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  • Writer's pictureHimanshu Thakur

Perfect Blue

Written by Himanshu Thakur

Illustration for 'Perfect Blue'
Illustrated by Bhargavi Kancharapu © Renesa - SVNIT

Loud cheers erupt from the crowd, cameras click and clack, and a fashion show begins. Just as a model catwalks by, you hear a terrifying scream. The whole scene shifts. You hear the cameras again but it’s the police taking photos now and you find yourself looking at a woman’s dead body. You wince a bit, trying to get your thoughts together. But before you do, the perspective shifts, only to reveal that you’ve just been looking through a camera shooting a film scene. None of this was real. You’re left disoriented and the feeling of being unsure of what just happened starts to sink in. That would be because you’re just twenty minutes into Satoshi Kon’s psychological thriller anime film – Perfect Blue.

The movie follows the life of Kirigoe Mima, a Japanese pop idol and singer as she goes through a period of transition in her life when she quits being an idol to become a full-time actress. Things begin to go terribly wrong when her acting career steers in a direction she had never wanted it to. Slowly, regret at leaving her idol days behind starts to seep in; all the while she gets constantly stalked by a fan obsessed with the image of ‘pop-idol Mima’. Under extreme stress and constant paranoia, Mima’s psyche begins to split in half. As the madness magnifies, the imagery becomes more and more surreal, and soon the lines between what’s real and what’s thought begin to blur.

This is the narrative thread Perfect Blue spins and it does so through Satoshi Kon’s masterful direction. The entire movie is punctuated and given life through his brilliant use of perspective and cinematography. Kon uses a series of fast yet seamless cuts to constantly change perspectives, disorienting the viewer (as the opening para shows). One scene melts into another and what’s real and what’s in Mima’s head, all become inextricably tied in one unsettling yet fascinating knot.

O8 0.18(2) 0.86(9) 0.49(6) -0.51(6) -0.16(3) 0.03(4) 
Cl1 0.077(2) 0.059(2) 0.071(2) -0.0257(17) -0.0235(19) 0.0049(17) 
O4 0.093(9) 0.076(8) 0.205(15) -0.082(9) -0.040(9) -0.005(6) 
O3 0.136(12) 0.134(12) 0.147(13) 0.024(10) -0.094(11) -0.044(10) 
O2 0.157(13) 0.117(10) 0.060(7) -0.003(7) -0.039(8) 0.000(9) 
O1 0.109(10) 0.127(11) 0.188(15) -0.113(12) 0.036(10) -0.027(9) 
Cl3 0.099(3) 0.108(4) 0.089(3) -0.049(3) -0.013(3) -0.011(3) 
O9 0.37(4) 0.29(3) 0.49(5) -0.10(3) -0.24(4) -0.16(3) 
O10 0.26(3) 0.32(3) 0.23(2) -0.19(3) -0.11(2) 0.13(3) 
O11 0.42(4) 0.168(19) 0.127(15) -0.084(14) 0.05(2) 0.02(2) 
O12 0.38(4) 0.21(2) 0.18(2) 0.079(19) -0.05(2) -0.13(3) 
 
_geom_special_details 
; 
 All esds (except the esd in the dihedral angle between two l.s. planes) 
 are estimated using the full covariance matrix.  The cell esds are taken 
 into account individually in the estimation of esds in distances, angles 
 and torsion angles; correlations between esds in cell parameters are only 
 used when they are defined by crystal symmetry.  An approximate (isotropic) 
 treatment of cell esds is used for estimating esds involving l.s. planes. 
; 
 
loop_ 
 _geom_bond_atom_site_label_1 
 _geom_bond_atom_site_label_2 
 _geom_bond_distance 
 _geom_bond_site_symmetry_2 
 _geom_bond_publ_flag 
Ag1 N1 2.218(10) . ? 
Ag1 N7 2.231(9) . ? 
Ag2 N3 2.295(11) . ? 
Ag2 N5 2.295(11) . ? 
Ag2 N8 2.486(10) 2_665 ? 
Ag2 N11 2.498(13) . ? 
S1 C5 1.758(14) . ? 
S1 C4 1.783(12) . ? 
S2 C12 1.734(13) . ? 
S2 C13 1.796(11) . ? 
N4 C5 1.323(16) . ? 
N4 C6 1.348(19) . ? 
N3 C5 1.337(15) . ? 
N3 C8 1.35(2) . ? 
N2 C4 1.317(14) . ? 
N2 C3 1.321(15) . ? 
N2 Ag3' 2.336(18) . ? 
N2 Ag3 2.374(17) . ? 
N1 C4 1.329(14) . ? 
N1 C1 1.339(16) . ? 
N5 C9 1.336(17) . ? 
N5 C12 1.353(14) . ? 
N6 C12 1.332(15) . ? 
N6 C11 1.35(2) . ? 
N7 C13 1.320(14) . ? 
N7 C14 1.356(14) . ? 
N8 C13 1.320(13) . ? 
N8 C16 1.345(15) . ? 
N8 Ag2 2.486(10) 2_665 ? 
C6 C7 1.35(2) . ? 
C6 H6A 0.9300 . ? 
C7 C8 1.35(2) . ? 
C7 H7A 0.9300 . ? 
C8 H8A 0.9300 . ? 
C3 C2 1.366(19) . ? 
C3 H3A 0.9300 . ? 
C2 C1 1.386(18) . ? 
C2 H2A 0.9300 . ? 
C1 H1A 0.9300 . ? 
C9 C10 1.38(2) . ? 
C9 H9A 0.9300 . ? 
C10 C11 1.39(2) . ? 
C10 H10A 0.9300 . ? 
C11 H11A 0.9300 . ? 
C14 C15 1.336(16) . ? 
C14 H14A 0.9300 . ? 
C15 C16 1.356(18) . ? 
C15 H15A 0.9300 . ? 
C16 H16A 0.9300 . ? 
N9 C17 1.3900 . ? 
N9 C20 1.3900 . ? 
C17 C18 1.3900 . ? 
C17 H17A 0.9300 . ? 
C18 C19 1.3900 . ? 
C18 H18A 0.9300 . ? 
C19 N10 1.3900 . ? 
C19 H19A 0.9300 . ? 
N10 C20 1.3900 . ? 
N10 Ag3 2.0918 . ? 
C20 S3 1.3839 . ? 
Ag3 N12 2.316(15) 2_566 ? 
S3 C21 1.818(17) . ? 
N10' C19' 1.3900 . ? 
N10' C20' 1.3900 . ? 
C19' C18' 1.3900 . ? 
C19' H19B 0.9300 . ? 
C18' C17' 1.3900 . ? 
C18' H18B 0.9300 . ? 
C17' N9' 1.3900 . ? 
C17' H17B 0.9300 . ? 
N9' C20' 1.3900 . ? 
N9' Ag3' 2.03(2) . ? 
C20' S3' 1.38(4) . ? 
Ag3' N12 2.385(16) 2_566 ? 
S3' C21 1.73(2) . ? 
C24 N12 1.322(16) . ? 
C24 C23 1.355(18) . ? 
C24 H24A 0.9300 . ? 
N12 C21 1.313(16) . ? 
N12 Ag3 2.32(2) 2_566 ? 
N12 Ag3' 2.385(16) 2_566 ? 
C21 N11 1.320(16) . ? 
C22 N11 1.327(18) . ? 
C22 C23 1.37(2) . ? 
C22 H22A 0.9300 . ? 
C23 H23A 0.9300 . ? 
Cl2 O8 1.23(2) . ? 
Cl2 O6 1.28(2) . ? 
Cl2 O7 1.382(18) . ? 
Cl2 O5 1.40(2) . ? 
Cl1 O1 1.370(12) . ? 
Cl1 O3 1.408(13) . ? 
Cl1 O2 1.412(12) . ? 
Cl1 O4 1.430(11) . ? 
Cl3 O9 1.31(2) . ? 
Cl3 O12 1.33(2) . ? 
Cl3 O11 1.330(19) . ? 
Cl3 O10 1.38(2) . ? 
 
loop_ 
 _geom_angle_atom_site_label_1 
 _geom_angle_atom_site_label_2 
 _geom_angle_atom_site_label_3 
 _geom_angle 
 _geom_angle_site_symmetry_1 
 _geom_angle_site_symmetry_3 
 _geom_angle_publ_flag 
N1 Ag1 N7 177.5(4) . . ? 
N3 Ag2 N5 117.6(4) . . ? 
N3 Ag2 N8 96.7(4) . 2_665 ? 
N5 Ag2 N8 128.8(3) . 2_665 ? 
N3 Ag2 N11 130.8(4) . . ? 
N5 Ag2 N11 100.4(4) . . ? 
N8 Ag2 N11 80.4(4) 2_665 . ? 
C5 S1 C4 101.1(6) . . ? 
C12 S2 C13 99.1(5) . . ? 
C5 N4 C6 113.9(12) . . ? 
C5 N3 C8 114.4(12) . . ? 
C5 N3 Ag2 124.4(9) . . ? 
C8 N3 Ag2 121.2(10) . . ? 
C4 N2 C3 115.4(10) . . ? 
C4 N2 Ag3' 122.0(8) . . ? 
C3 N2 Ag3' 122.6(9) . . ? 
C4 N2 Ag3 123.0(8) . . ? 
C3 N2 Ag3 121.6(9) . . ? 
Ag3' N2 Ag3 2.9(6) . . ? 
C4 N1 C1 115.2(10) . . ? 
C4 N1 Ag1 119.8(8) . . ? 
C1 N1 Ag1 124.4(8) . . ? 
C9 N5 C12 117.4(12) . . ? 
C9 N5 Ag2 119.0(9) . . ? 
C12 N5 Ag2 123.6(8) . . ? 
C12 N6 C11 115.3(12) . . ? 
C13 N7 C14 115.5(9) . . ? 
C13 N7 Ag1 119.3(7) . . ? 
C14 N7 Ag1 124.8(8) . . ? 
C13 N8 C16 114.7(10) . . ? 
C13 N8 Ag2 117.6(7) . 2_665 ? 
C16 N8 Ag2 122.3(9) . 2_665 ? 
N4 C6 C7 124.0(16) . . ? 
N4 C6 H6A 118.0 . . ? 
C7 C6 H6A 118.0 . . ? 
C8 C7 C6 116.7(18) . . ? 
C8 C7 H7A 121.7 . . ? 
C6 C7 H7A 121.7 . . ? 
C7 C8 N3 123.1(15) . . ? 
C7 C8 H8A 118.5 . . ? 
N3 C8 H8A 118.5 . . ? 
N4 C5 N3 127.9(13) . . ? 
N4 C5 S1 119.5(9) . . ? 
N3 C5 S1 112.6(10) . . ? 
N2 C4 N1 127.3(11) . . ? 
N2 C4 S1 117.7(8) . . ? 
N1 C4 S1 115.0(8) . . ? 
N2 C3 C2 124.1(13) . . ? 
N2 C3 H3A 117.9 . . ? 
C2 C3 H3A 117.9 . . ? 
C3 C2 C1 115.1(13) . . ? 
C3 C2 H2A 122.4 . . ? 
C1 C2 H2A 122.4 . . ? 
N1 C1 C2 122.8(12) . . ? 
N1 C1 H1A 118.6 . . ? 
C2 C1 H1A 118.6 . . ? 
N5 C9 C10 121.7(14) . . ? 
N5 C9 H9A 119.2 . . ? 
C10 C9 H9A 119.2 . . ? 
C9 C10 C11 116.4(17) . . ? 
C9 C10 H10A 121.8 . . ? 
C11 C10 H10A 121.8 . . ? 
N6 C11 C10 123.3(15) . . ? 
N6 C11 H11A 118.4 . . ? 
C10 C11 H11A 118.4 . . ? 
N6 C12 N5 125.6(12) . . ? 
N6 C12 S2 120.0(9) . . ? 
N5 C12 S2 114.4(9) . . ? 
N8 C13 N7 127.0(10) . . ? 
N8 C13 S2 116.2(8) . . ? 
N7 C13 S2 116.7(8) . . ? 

Throughout the movie, Kon utilizes mirrors and reflections to depict the duality and dissension of Mima’s psyche with itself. When the mental turmoil within Mima begins, she starts imagining her past pop-idol persona as a real and separate entity, constantly taunting and belittling her. In fact, a reflection is where we first meet this Virtual Mima. But as her stress and paranoia accumulate, she becomes free of being just a thought, just a reflection. She jumps out of the screen and into Mima’s world. The illusion starts to live in the realm of the real as Kon deftly builds upon his grand metaphor.

Kon’s surreal cinematic scenes are made all the more chilling through Masahiro Ikumi’s brilliantly haunting soundtrack. By leaving conventional harmony for jarring and dissonant sounds Ikumi personifies madness in his music. It’s haunting, yet it keeps drawing you to itself. Like an unfinished anxious itch that doesn’t let go. As the movie goes on, the eerie paranoia builds up, till you, along with Mima, find yourself in a nightmare.

This 1998 anime film asks the question – How much of your public persona do you own and how much of it do you actually control? This is a question that’s more relevant now in the age of social media than ever before. It predicted two decades ago, much of how we now perceive online celebrities and public presence. It’s a movie that explores what it feels like to truly lose control over your persona and self-image, and it does so with disturbing finesse. Truly a brilliant, relevant must-watch.

This is a movie not only for anime fans but for movie lovers in general. Its themes are timelessly intriguing, its presentation surreal and immaculate, and in all of that, it stands as just an 80-minute commitment. So, whenever you feel like stepping away from the usual to experience something truly unique and thought-provoking, take a trip down anime lane and give this one a shot. Your only regret will be you didn’t do so sooner.



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